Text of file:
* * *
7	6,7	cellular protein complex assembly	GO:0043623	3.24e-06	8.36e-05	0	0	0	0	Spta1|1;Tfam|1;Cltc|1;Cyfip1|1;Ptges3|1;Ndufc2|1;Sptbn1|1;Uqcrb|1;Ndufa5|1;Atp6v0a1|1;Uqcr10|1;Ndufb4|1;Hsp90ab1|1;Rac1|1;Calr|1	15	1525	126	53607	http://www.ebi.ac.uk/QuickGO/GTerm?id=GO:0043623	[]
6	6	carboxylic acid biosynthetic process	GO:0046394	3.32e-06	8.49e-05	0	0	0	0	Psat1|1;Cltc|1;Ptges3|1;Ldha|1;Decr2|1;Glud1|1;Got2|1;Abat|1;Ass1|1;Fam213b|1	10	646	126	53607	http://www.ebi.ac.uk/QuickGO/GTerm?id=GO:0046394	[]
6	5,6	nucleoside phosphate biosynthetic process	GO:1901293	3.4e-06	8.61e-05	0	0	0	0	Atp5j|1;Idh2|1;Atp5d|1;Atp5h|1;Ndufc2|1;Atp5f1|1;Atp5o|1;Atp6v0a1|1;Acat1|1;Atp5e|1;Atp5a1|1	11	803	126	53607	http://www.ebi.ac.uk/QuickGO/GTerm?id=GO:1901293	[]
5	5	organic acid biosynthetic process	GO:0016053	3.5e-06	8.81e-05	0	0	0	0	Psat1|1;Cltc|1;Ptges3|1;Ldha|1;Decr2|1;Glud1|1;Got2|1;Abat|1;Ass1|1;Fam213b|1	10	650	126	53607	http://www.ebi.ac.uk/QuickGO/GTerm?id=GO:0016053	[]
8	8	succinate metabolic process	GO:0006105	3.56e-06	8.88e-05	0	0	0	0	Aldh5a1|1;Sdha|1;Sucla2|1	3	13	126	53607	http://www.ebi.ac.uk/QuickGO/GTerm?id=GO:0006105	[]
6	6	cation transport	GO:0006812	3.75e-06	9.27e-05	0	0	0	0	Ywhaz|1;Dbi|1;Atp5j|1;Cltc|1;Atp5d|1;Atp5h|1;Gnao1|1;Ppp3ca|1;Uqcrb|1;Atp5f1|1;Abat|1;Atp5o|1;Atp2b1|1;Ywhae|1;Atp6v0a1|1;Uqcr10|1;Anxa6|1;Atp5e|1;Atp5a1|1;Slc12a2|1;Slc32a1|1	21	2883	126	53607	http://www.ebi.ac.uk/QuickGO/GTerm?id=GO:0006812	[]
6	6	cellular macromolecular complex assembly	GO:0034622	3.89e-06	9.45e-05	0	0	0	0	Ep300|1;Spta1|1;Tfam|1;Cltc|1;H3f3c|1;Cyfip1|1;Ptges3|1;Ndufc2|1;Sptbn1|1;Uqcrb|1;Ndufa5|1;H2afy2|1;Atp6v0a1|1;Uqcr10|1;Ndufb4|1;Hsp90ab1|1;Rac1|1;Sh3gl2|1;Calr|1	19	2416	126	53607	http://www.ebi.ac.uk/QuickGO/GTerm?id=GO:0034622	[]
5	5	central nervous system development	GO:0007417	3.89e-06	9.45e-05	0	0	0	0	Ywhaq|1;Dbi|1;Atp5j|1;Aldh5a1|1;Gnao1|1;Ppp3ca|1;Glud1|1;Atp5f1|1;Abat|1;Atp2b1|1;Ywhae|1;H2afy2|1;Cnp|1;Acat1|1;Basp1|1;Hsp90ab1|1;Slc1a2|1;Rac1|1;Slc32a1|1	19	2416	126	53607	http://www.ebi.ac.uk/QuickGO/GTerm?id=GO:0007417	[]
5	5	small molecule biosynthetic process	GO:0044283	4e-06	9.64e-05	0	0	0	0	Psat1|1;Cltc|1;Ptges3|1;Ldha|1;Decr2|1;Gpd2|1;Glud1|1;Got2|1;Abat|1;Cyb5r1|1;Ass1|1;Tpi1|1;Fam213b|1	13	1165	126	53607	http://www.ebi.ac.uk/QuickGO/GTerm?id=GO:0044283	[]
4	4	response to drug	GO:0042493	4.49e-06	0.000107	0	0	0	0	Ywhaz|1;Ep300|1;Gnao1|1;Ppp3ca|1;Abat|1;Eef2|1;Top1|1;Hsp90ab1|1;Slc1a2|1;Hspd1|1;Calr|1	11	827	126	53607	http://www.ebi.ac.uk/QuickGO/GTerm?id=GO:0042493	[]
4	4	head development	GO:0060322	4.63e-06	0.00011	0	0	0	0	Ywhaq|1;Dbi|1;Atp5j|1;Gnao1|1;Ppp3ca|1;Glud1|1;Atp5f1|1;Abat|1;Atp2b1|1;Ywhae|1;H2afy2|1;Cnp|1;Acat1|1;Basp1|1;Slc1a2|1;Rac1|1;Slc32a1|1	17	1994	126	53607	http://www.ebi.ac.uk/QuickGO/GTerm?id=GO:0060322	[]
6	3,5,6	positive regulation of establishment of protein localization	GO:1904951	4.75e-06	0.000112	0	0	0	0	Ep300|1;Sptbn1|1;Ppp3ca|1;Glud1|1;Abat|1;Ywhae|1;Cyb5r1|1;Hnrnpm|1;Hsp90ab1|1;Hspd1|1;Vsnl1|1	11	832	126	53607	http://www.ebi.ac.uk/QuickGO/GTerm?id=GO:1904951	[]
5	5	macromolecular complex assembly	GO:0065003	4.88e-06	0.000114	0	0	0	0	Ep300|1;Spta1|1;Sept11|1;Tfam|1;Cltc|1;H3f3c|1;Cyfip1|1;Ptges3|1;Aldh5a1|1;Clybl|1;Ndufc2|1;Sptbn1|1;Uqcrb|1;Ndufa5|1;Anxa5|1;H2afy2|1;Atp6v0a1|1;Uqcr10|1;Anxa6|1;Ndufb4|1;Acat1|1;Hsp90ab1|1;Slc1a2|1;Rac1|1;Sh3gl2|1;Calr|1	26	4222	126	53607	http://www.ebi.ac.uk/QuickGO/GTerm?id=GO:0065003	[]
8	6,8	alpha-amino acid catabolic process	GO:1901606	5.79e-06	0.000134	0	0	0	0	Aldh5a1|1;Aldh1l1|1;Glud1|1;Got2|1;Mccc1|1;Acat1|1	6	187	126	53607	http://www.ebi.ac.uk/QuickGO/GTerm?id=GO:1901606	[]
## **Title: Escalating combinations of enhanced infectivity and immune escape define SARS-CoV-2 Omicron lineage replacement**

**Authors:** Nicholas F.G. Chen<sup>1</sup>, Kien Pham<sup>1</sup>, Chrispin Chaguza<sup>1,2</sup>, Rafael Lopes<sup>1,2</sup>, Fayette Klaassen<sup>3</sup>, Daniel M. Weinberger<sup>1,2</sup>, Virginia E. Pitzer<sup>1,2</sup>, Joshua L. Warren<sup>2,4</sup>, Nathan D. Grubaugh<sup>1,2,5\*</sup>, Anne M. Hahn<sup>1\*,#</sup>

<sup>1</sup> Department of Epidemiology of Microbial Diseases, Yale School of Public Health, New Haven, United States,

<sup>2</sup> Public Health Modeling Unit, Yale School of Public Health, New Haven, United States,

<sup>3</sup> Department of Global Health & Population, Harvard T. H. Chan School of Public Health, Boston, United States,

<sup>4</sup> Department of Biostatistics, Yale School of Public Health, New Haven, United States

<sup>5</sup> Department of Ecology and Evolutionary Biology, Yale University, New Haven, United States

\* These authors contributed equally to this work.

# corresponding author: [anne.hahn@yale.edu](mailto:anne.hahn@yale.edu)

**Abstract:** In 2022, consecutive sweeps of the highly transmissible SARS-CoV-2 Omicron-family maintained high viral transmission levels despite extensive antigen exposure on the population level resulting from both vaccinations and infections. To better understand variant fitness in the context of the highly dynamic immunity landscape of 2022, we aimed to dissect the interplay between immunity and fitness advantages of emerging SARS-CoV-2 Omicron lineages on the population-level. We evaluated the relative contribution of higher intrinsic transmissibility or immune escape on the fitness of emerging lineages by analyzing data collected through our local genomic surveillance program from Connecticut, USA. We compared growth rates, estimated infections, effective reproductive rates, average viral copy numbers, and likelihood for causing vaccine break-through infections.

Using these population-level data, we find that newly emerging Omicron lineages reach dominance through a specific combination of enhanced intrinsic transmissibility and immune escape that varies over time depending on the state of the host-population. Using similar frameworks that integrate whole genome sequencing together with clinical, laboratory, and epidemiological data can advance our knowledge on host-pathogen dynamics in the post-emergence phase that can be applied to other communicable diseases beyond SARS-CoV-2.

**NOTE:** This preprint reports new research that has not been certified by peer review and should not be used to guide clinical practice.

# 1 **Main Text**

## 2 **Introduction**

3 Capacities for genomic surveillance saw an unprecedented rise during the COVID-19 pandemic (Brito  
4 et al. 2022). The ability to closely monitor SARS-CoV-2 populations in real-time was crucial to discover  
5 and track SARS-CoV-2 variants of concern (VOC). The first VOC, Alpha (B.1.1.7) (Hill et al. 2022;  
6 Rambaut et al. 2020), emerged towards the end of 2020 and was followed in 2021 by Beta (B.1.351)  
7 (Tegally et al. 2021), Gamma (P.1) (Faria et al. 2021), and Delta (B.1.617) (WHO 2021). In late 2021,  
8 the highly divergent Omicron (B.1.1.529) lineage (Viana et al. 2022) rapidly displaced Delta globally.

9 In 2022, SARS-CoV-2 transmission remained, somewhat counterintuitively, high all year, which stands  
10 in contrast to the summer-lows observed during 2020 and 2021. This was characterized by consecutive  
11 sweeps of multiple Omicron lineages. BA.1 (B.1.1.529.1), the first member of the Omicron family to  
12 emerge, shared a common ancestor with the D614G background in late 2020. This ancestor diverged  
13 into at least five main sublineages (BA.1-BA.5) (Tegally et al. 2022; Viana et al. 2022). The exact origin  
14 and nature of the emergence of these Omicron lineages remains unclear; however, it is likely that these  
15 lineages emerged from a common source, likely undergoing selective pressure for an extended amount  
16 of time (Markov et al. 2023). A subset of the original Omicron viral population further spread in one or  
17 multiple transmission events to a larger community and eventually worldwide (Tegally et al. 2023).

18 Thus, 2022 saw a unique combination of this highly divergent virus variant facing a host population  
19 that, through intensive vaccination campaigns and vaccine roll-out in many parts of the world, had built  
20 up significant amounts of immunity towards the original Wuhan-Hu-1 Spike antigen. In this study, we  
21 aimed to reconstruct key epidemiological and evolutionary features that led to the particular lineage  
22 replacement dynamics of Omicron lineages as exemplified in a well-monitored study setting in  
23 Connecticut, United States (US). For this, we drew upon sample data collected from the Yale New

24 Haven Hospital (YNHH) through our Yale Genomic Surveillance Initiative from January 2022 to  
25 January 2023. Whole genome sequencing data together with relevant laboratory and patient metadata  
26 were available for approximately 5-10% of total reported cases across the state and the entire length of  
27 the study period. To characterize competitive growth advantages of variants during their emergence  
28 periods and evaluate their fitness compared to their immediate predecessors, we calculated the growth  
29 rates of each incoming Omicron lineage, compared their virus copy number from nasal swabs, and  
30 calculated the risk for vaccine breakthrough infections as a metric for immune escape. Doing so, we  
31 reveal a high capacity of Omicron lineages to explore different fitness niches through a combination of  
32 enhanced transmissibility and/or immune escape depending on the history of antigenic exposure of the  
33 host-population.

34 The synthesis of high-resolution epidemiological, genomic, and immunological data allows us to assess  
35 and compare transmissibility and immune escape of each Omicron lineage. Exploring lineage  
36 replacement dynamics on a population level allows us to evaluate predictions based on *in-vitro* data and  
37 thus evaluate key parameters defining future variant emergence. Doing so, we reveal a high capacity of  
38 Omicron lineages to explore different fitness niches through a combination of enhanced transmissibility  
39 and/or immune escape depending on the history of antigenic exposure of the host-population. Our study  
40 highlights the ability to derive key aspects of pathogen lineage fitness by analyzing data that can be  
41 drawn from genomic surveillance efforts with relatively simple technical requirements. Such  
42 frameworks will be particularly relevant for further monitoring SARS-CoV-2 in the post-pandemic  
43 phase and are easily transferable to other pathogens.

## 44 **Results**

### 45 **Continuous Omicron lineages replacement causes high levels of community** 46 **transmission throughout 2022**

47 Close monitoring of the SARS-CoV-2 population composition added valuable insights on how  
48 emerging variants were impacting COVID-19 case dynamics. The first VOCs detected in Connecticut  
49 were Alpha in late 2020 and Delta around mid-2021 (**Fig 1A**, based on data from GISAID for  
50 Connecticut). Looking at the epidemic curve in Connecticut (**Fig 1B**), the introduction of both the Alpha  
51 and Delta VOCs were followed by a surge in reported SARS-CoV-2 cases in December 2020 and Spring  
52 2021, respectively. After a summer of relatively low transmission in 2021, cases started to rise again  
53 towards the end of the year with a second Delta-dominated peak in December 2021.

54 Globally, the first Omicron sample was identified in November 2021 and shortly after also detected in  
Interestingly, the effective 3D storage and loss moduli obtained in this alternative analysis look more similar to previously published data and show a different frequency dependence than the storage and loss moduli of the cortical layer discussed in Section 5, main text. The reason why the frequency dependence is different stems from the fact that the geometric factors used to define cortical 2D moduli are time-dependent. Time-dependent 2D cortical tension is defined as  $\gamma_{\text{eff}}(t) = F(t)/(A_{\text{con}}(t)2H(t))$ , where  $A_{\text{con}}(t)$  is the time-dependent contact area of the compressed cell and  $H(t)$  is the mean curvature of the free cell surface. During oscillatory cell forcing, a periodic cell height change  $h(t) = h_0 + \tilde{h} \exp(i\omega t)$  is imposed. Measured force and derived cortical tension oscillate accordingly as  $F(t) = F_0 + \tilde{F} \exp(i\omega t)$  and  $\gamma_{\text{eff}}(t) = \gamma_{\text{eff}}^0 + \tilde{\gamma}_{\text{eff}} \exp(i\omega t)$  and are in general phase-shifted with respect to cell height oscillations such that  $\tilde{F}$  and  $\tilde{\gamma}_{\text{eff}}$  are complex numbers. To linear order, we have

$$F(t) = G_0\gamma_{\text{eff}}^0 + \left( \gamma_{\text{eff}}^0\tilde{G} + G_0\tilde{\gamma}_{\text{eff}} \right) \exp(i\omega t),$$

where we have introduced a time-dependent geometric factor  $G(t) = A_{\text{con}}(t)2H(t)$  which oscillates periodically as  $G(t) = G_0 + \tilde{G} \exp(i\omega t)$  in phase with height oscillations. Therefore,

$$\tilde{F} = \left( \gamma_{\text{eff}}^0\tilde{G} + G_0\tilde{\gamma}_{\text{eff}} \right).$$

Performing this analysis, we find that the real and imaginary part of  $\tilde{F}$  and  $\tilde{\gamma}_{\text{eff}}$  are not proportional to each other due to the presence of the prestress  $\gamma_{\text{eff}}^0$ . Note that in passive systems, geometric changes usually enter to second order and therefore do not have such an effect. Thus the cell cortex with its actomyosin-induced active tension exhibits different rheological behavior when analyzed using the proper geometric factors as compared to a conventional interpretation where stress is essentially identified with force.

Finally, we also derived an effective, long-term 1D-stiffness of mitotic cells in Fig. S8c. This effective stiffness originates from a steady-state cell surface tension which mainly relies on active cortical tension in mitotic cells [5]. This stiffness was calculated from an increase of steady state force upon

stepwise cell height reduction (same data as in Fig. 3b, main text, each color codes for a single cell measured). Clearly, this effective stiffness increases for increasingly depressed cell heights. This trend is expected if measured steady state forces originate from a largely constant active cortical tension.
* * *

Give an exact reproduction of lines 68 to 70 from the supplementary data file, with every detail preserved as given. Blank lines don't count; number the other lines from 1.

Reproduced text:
42 frameworks will be particularly relevant for further monitoring SARS-CoV-2 in the post-pandemic  
43 phase and are easily transferable to other pathogens.

## 44 **Results**